What the Future Holds for 3D Printing

What the Future Holds for 3D Printing

The future, according to the character Mr. McGuire in the 1967 film “The Graduate,” is, in one word, plastics. A real-life Mr. McGuire could not possibly have known, 50 years ago, how prescient that statement was, or that one day people would be able to make plastic doodads in any arbitrary shape in their own homes, using an appliance not much larger than a toaster oven. But here we are, in the world of three-dimensional (3D) printing.

3D printing was once an industrial process reserved for deep-pocketed manufacturing businesses. More recently it has become available on a smaller scale to deep-pocketed hobbyists. Now, as prices continue to fall for 3D printers and materials, it is becoming accessible to the masses. But what does the future hold?

One Word: Metals

The next big step for 3D printing is the move away from plastics and into metals. Metal 3D printing is still in its infancy, with several technologies competing to become the standard metal 3D printing process. Some of the leading contenders include:

  • Selective laser melting: As the name implies, this process uses lasers to melt powdered metallic material to build each layer of the 3D piece. The powder stock is typically composed of a single element.
  • Selective laser sintering: This method is quite similar to selective laser melting, but it can accommodate a wider variety of powder stock, including alloys.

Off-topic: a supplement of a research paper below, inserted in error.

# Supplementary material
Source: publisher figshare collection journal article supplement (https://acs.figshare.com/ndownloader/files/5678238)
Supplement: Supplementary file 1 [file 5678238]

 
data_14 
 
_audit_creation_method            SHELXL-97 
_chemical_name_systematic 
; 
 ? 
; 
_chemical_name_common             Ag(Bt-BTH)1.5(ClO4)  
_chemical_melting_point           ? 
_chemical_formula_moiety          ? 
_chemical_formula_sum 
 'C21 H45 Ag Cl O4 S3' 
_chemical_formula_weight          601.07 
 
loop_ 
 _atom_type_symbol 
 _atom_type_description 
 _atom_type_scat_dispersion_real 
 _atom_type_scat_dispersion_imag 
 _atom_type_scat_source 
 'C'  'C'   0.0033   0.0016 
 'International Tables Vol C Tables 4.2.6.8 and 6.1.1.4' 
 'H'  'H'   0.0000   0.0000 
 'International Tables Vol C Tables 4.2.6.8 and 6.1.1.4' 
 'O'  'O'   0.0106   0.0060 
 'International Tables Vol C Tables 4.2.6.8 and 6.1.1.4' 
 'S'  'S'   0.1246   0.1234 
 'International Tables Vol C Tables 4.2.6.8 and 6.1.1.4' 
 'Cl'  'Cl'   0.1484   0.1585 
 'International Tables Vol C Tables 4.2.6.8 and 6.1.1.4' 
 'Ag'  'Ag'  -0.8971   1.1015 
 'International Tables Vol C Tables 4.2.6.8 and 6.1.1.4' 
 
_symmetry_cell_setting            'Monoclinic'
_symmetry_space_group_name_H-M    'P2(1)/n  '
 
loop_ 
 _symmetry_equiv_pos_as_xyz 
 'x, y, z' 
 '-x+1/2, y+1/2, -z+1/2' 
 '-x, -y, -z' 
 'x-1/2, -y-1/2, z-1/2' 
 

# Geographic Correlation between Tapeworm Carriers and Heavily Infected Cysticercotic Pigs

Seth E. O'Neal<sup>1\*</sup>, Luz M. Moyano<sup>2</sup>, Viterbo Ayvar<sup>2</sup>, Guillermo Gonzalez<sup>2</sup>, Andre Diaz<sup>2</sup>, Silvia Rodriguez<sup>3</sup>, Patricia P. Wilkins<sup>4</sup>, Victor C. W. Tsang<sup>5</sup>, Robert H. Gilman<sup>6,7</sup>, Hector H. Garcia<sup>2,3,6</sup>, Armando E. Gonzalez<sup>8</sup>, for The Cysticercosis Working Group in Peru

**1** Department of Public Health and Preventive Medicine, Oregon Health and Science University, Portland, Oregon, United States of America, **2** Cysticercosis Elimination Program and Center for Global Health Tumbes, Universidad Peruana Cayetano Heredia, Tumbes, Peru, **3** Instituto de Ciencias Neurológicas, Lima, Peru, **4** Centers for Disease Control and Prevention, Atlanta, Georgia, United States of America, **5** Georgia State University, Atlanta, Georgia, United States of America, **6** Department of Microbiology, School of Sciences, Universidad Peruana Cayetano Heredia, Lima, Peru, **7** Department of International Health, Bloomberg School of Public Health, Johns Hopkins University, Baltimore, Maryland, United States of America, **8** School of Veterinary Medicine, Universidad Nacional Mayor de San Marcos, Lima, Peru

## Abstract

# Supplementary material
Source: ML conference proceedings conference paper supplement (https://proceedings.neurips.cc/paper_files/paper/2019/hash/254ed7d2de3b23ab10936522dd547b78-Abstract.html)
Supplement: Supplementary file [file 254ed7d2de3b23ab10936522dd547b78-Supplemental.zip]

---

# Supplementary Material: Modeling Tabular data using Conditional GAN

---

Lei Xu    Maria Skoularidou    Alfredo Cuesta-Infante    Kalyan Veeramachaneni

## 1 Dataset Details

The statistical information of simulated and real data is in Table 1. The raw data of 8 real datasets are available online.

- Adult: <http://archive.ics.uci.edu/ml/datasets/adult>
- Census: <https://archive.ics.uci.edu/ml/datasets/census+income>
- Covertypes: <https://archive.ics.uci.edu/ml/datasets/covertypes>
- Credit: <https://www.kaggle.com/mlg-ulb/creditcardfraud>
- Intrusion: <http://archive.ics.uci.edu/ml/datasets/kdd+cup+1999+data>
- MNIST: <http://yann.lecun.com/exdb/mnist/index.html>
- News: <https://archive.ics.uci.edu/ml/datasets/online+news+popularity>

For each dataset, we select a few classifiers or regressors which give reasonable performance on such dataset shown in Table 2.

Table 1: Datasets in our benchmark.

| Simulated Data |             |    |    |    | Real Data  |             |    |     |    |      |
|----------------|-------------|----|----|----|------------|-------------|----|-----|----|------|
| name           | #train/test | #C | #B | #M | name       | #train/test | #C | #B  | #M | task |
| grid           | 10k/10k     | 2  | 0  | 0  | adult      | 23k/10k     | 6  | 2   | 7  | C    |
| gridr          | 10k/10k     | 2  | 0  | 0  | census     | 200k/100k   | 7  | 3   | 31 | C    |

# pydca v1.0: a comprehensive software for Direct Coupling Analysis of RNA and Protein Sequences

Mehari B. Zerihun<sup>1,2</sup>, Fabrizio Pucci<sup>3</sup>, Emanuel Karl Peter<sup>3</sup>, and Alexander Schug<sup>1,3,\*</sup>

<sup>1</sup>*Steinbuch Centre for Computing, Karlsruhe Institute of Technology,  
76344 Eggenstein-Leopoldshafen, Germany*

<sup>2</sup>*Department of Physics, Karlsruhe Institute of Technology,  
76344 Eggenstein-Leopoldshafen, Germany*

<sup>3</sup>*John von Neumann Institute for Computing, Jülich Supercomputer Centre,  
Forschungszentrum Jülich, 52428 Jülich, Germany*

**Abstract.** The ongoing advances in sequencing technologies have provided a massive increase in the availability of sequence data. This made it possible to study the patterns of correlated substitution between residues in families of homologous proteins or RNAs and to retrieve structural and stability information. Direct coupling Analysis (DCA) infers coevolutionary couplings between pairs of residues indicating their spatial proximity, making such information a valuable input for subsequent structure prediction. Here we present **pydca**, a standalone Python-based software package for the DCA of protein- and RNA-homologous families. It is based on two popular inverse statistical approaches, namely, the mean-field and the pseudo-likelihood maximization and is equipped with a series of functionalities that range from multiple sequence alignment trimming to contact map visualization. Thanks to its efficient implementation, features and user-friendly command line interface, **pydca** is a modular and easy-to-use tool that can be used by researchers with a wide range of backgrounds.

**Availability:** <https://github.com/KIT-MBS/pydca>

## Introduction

• Metal inkjet printing: This method also uses powder stock, but instead of being melted or sintered, the powder is combined with a liquid binding agent and deposited, layer by layer, by a print head similar to that on a household inkjet printer.
  • Electron beam freeform fabrication: Unlike most other metal 3D printing technologies (but more like plastic 3D printing), this method uses wire stock, softened under high temperatures, and solidified using an electron beam.

Because of the added complexity of 3D metal printing, prices for these large printers likely won’t fall as quickly as they have for plastic 3D printers.

The Business of 3D Printing

The continued high cost of metal 3D printers (as well as higher-end plastic 3D printers) will present new business opportunities, both for established manufacturers and startup businesses. Consider the replacement parts industry, including parts for cars, appliances, computers, or any other gizmo. Did you break a plastic doohickey on your refrigerator, a part that goes on that model of refrigerator and that one only, and isn’t stocked at your local appliance store? Instead of buying the part online, and waiting to have it shipped to you, you could buy and download the 3D design file for the part and either print it at home or take it to a 3D printing shop, the same way you would take a PDF file to a regular printing shop. (Maybe if you have it 3D-printed in metal, it won’t break so easily.)

With the addition of metal in the 3D printing repertoire, the future of 3D printing could revolutionize manufacturing, and certainly will do wonders for designing and prototyping new products. The 3D printing train is ready to roll, and you don’t even have to be a graduate to get on board.

photo credit: fdecomite Cardioidal variation via photopin (license)